This calls for greater appreciation of family carers’ of AD staunch efforts. They often provide the linchpin for care despite immense challenges. Better understanding of the increased health risks family carers of AD face and fuller recognition of the need for improved support to ensure their own health and wellbeing is safeguarded as a prerequisite to effective long-term AD care is long overdue.

Addressing the different levels of H.i.’s experienced by specific carer groups within populations

Although the present discussion and the review it is based on focus on family carers of PWA in general it is also acknowledged that family carers of PWA are far from being homogenous. Rather, they represent a diverse group of people28 distinguishable by a wide range of factors including gender, age, ethnicity, socio-economic background, the locum of caring, level of social isolation, the type, severity, duration and experience of the disease, the intensity of care, the emotional involvement of the carer and not least, the resources and support available to the carer. While the scope of this article will remain on family carers of PWA in general it is important that future research examines how key contextual factors, e.g. socio-economic status and culture and ethnicity, may mediate care situations with possibly differential effects on family carers [42,43]. For example, a recent WHO report highlights the economic hardships associated with dementia care and how these can augment levels of carer stress [2]. While economic hardship affects those carers of PWA living in developed countries, in the future it is also set to have a profound influence on the rapidly growing number of dementia carers emerging in low and middle income countries as prevalence of the disease in these countries escalates [2]. Differentiation of carer groups would permit the tailoring of resources and interventions to meet specific carer needs and also facilitate greater prioritisation of resources with particular emphasis on targeting the most vulnerable carer groups. Currently however, there appears to be a lack of awareness of the needs of different groups of carers [36,44].

The link between epidemiology and primary carers of PWA

Although epidemiology is a branch of medical sciences that deals primarily with the incidence, distribution, and control of disease in a population, it has some application to explaining family carers of PWA research. A novel way of approaching how the biopsychosocial pathways linked to family carer health deficits via chronic exposure to stress in AD care may be to examine it within an epidemiological paradigm. Thus, a new framework is introduced here that attempts to capture the dynamics at work within the AD family care environment, including how this environment may or may not become epidemiological in the sense that chronic exposure to it can uniquely generate carer disease outcomes.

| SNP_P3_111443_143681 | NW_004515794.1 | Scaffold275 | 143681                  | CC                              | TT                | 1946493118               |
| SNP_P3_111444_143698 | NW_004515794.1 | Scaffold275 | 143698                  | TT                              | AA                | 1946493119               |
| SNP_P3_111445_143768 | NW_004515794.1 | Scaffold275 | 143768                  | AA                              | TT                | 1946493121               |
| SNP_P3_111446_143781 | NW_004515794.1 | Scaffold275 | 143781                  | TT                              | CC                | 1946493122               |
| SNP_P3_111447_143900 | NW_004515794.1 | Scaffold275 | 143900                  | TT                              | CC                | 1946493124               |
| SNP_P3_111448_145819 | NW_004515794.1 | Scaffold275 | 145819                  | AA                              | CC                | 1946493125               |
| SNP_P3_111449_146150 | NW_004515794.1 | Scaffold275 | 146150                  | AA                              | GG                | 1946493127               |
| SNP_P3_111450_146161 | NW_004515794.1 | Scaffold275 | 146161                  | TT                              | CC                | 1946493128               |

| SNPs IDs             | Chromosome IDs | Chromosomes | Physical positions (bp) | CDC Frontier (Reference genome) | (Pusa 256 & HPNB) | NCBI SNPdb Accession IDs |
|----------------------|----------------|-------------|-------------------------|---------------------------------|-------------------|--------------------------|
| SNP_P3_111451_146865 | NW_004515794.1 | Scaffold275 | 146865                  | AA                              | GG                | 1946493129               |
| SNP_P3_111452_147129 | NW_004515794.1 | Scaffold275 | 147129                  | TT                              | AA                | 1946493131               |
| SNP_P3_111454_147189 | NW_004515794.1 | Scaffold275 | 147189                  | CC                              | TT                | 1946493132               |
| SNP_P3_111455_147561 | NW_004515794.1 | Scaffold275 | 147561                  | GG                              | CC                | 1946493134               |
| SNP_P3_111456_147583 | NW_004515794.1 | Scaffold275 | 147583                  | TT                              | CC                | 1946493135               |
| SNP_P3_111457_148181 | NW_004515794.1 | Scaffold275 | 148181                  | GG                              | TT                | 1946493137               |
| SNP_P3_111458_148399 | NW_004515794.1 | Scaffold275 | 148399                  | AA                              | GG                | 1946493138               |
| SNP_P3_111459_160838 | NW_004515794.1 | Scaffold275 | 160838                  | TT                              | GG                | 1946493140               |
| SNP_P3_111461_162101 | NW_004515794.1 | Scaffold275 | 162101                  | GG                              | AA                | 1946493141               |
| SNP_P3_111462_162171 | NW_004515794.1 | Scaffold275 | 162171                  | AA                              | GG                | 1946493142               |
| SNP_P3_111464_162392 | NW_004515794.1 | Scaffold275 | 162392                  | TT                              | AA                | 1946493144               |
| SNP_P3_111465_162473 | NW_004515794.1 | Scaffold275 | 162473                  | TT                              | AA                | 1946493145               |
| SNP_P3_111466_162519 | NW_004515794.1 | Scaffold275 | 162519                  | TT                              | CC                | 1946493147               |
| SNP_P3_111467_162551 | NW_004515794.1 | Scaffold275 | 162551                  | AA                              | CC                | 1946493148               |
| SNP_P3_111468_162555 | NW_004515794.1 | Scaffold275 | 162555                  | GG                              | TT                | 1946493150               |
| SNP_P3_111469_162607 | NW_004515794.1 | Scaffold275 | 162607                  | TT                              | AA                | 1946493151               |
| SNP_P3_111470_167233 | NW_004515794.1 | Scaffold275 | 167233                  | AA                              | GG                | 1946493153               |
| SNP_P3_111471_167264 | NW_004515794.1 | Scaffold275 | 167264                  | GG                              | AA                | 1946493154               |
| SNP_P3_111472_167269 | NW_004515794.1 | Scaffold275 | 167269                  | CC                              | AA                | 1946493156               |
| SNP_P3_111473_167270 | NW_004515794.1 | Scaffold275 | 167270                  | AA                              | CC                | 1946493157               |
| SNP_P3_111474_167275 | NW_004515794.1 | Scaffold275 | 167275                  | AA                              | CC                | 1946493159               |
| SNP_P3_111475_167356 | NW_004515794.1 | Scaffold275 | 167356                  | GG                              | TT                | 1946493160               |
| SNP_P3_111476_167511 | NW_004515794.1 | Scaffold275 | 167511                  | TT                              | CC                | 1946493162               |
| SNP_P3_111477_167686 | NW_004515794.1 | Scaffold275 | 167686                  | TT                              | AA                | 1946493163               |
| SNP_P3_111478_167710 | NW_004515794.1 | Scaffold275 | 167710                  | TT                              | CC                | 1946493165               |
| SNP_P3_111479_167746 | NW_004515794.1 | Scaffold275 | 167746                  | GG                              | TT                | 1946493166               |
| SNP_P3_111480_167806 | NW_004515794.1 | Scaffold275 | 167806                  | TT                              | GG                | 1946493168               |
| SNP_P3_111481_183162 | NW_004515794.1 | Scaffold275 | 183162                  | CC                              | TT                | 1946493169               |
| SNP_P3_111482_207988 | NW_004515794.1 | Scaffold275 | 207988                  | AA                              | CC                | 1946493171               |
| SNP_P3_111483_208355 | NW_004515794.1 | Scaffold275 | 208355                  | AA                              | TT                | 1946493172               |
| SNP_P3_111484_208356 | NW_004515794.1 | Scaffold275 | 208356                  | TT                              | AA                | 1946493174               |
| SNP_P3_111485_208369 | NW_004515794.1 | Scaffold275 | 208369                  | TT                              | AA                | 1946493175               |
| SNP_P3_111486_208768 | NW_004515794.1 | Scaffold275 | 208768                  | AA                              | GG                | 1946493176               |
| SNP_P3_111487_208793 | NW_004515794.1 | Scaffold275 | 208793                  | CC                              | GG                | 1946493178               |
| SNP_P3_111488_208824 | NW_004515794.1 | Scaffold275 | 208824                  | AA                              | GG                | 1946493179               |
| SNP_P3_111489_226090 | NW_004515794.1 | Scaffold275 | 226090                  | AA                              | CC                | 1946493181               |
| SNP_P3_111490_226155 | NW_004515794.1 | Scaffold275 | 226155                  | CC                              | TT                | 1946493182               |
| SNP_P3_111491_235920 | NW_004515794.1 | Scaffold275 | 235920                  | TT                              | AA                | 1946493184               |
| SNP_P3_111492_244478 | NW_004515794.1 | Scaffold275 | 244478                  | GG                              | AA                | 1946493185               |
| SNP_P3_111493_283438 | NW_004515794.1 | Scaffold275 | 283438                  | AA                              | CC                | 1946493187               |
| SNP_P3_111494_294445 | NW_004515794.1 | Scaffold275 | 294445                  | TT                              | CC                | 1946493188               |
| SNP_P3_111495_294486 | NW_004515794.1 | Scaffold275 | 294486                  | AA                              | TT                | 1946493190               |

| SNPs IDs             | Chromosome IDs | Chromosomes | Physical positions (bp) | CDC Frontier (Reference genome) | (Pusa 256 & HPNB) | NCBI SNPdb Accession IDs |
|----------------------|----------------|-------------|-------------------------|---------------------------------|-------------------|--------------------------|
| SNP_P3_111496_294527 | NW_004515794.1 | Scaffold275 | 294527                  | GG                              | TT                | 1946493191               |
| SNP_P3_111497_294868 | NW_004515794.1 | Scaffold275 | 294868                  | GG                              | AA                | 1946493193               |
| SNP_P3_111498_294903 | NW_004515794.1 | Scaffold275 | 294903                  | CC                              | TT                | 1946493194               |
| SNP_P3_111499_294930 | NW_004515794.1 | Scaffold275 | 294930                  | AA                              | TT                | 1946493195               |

The epidemiological triad consisting of (a) an external agent (symptoms/needs generated by AD) (b) a host-primary family carers who possess greater or lesser degrees of resilience (+/- resilience in carer) that is at least partly dependent on the level of supportiveness offered by the environment in which the care takes place [45]. The host and agent are brought together within this environment. The unique dynamic that exists between host and agent in such circumstances can result in disease causation via the ‘stress circuits’ and pathways described earlier. However, a main contention made here is that an important mediator and protective buffer against stress-related disease may lie in the host’s capacity for resilience at an individual level combined with the level of support to bolster resilience that is received from the external environment. Recently, Kent et al. stated that a main drawback to our current understanding of how resilience might operate to promote adult health is that we have yet to uncover the biological and behavioral mechanisms that drive human resilience in the same way as we now comprehend how human ‘stress circuits’ function [46]. However, Kent et al. go on to make an interesting point, that there may be some plausibility to the suggestion that those biological mechanisms involved in human ‘fight or flight’ responses may also share links with our capacity for resilience as part of an overarching adaptive system designed to deal with threats or challenges. Although as yet unproven, this hypothesis makes intuitive sense and would help to explain how some individuals possess the capacity to override extreme emotional responses via ‘top down’ cognitive intervention that prevent ‘stress circuits’ from becoming ‘overloaded.’ If proved correct then the links between chronic carer stress and its potential mediator in resilience may be far closer than previously supposed. Moreover, this may reinforce the notion that humans perhaps possess greater cognitive ability to regulate the impact of stress than is often assumed. Solms and Panksepp suggest that sustained positive affect and a positive outlook, despite adverse circumstances, may be key to instilling resilience, with potential biological correlates in the maintenance of dopamine levels [47]. Conversely, sustained negative affect accompanied by a negative outlook may have biological correlates in dopamine depletion and become manifest in depression. This may be highly relevant to family carers of PWA who are especially vulnerable to suffering from depression [23].